There’s a famous quote from the film The Third Man. “In Italy, for thirty years under the Borgias, they had warfare, terror, murder and bloodshed, but they produced Michelangelo, Leonardo da Vinci and the Renaissance. In Switzerland, they had brotherly love, they had five hundred years of democracy and peace – and what did that produce? The cuckoo clock.” It’s wrong, of course. The cuckoo clock is generally through to have been invented in Bavaria. But Brave Space proves its entire theory is wrong too.
Art created from joy and defined by teamwork
That’s because Brave Space isn’t art created from strife, but art created from joy and defined by teamwork. From the very beginning, you are warmly welcomed into the venue and politely informed of the ground rules, which included being asked to wear a mask to help protect an immune-compromised member of the all-female troupe and each other. From here on in we become part of their community and are invited into their intimate blanket created space.
If you were lucky enough to have one in your primary school, playing with a parachute was one of the best parts of PE. Brave Space starts with a light violet coloured blanket that is similar to a large parachute or tent. The troupe start the performance underneath this material, with the audience in a circle around them. They begin to undulate, creating spikes and ripples with increasing intensity, as if you’re watching stalactites and stalagmites form in supersonic speed. Before long, a woman emerges, rising high above everyone, with the material wrapped around her, creating the illusion of a giant skirt. For a moment she seems like a giant Queen, a modern Boudicca. Then she descends, becomes another member of the white-clad troupe, and the acrobatics begin.
Everything the troupe performs, from spinning in a cyr wheel, to duo trapeze, to balancing on the very ends of poles, is completed with love and support. The performers smile broadly throughout, radiating joy, and in between movements there are hugs: are the women lovers, sisters, friends? The specifics don’t matter, the love displayed is pure and unconditional. If a hoop is occasionally dropped whilst juggling, it’s quickly picked up, their smile unbroken. That love is shared with the audience too, who are brought in to assist with certain stunts. They might be asked to simply pull on a rope, or hold a hula-hoop, but the message is clear: we trust you to be a valued part of our community.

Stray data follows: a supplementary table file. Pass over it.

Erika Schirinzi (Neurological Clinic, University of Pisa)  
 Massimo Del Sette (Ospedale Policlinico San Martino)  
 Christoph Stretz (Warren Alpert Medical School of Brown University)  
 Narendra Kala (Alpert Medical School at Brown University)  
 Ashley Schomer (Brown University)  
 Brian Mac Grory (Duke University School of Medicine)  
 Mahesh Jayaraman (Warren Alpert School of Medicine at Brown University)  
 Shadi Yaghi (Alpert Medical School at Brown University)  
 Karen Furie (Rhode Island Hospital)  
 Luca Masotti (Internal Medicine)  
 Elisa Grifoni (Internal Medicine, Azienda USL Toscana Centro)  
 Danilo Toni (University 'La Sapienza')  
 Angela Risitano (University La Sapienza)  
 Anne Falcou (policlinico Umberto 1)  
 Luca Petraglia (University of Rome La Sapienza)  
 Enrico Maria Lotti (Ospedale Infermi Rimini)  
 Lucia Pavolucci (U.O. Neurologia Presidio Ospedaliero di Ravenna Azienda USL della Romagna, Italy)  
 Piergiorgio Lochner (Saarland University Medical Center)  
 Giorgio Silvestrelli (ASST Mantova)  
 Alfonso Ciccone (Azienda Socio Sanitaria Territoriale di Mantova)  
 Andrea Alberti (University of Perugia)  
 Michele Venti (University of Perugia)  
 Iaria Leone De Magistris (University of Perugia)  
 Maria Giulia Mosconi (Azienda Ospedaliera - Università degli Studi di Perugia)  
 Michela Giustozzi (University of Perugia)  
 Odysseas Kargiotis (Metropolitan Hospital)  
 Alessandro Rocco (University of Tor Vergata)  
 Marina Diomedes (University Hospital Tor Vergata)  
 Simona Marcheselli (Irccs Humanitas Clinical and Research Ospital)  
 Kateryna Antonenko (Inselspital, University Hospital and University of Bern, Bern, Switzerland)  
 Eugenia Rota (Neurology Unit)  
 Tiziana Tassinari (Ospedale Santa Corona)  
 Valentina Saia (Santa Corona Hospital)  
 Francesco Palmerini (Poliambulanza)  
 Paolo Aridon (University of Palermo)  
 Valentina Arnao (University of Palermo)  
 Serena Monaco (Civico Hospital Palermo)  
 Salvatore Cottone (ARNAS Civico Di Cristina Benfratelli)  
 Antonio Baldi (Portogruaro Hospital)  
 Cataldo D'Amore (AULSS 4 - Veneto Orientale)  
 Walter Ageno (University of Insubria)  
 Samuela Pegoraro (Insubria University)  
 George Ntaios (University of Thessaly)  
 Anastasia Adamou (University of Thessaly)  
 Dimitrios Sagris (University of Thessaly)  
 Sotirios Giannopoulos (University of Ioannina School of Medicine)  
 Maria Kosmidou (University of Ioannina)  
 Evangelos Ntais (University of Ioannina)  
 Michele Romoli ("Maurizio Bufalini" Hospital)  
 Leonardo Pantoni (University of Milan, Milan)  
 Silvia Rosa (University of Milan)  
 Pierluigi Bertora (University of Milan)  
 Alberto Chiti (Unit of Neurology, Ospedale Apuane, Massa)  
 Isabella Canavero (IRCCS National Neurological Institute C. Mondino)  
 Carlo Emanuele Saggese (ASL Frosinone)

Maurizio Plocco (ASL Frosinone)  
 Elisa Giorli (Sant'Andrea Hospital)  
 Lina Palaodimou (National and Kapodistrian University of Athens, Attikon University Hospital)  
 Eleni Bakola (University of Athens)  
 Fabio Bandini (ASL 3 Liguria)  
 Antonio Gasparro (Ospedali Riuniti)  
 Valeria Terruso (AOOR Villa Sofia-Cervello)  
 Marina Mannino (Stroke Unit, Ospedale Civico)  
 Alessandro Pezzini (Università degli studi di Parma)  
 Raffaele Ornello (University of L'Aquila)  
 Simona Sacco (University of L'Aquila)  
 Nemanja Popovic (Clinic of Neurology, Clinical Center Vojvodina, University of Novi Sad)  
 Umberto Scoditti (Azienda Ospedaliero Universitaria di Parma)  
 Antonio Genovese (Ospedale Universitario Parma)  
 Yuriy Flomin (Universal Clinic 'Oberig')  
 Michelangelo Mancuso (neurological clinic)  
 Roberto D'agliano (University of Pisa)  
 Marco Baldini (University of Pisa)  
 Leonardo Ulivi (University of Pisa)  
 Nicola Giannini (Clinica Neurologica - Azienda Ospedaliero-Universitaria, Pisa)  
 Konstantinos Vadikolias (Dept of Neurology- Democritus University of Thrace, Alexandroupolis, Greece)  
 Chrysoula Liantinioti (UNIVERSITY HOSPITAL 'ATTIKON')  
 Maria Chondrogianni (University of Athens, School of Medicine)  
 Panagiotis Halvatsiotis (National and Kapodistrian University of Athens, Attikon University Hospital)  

Brave Space won’t be right for everyone. You need to feel comfortable with standing up or sitting on the floor for extended periods of time, packed in next to other audience members in an enclosed space. But that doesn’t mean that they don’t try to help you: chairs are available upon request before the show.
The impressive acrobatics wowed the audience from young to old, particular the trapeze work which really showcases the skill and strength of the performers. Aside from the talent displayed, what sets this apart from any other circus show is the warm and fuzzy feeling they’ve managed to create in their giant cosy blanket fort. In a world that feels more divisive and separated and full of worry than ever, sitting under a blanket next to strangers whose eyes are lit up with wonder is a beautiful thing. The ultimate message of Brave Space? Danger and fear exist, but love can conquer all.